“Under apartheid some mental health professionals called for political and social reform. After Esidimeni it’s clear we still need such activism, write Jason Bantjes and Leslie Swartz.”
“Recent public hearings have again focused attention on the deaths of psychiatric patients in government-funded community-based organisations. The Esidimeni tragedy occurred against the backdrop of broader concerns about mental health in the country.
It is estimated that fewer than 10% of people with mental disorders receive treatment. Where treatment is available, it is often provided under stressed and difficult circumstances.”
In addition, research conducted at Stellenbosch University’s psychology department over the past three years has documented the experiences of healthcare professionals working with suicidal patients in various settings. “This research makes for depressing reading. Mental health care providers working in state hospitals, prisons and addiction treatment centres consistently describe being overwhelmed by their work and feeling powerless to provide the care patients need.
Under these circumstances, it is somewhat disappointing that the central concern of contemporary professional psychology seems to be the policing of fine distinctions among different fields of psychological practice. At the heart of this discussion is a turf war within the profession about what services can be provided by which category of psychologists.
Health Minister Dr Aaron Motsoaledi has been given until November 2018 to revise the regulations about the scope of the practice of psychology, following a ruling by the Western Cape High Court that the psychologists’ Scopes of Practice regulations (issued in 2011) were invalid.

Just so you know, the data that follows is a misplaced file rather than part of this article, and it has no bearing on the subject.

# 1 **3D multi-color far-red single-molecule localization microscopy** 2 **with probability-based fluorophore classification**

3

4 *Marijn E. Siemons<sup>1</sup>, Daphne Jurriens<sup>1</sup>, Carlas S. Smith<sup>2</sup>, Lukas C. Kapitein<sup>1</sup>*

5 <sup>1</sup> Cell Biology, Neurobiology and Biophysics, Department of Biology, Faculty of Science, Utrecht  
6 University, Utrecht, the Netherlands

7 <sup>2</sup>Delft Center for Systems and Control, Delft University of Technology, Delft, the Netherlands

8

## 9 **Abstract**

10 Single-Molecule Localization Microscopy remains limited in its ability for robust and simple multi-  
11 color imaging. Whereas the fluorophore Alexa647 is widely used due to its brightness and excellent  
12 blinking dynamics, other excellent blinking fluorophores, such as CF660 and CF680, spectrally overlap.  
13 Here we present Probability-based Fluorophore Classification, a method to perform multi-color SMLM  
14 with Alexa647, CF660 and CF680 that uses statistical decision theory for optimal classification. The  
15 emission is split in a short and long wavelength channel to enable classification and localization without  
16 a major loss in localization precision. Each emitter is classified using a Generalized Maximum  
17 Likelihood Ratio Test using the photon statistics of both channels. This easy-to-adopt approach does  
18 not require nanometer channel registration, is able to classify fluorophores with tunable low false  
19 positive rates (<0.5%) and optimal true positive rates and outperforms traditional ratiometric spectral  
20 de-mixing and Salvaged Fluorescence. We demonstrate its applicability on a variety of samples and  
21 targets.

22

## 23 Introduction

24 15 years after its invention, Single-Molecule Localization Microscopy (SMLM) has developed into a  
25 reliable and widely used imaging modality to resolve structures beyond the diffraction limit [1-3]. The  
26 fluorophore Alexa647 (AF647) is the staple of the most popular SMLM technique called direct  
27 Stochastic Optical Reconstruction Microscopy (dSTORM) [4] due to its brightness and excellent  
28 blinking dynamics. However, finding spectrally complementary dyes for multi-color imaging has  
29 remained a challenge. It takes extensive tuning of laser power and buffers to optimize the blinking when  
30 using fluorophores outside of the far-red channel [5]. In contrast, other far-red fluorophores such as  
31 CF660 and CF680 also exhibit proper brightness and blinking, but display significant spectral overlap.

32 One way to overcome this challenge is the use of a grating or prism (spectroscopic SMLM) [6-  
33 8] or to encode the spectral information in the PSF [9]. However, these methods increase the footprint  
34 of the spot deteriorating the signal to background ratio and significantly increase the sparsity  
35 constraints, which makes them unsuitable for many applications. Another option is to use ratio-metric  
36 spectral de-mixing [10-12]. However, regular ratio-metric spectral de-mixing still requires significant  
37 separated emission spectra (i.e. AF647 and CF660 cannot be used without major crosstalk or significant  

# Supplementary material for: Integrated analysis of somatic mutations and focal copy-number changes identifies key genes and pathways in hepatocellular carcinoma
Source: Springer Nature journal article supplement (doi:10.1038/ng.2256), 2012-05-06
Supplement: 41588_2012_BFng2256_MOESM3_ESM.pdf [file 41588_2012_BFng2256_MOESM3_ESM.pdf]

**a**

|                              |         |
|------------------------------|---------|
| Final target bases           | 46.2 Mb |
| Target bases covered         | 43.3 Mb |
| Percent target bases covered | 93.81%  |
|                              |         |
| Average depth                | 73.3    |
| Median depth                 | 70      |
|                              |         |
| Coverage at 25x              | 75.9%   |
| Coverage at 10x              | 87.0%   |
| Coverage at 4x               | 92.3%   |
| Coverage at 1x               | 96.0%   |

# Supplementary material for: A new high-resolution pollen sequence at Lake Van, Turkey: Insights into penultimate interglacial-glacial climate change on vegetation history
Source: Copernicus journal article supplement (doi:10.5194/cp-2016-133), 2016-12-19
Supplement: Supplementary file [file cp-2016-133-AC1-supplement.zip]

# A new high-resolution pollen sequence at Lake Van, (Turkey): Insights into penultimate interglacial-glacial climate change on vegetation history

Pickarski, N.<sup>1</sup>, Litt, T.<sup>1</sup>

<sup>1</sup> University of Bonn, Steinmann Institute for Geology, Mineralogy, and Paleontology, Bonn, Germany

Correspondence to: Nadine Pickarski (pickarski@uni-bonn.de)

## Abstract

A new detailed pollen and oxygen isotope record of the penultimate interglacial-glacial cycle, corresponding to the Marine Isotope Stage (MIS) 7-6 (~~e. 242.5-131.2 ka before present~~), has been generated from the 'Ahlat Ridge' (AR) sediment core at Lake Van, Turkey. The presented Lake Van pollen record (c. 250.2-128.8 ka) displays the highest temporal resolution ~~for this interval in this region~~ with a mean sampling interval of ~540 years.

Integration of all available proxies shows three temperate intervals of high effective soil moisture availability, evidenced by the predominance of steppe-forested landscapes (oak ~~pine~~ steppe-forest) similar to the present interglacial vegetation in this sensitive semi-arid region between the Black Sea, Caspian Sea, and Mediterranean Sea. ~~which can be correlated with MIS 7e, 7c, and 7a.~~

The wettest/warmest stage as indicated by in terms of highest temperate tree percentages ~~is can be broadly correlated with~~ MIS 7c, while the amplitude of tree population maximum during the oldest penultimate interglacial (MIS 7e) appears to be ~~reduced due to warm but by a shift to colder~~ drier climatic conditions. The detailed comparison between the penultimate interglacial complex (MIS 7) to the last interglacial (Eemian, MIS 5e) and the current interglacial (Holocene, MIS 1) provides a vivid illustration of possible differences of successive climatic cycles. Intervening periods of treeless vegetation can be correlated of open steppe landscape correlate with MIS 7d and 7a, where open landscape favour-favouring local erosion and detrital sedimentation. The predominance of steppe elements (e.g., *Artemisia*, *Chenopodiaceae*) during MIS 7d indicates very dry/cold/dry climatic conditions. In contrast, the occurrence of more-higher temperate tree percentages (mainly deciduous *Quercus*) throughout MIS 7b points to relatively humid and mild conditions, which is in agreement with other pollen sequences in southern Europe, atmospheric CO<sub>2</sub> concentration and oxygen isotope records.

It is important that no psychologists should undertake work which they are not competent to perform. But the reality is that in June 2017 there were less than 13 000 psychologists in the country, serving a population of about 57 million people…It is not a simple matter to undertake research on effective mental healthcare, especially in a diverse and unequal country. But surely this is where psychologists should be investing their energy, rather than attempting to police boundaries among professional categories?
In the future, organised psychology and the current generation of mental health professionals may well be judged by the extent to which they took up the struggle to reform mental healthcare delivery… But this is unlikely to be achieved unless the majority of the country’s psychologists put aside their inward focus on demarcating boundaries within the profession, and rather turn their attention to questions about how best to promote mental health in South Africa.”
Jason Bantjes And Leslie Swartz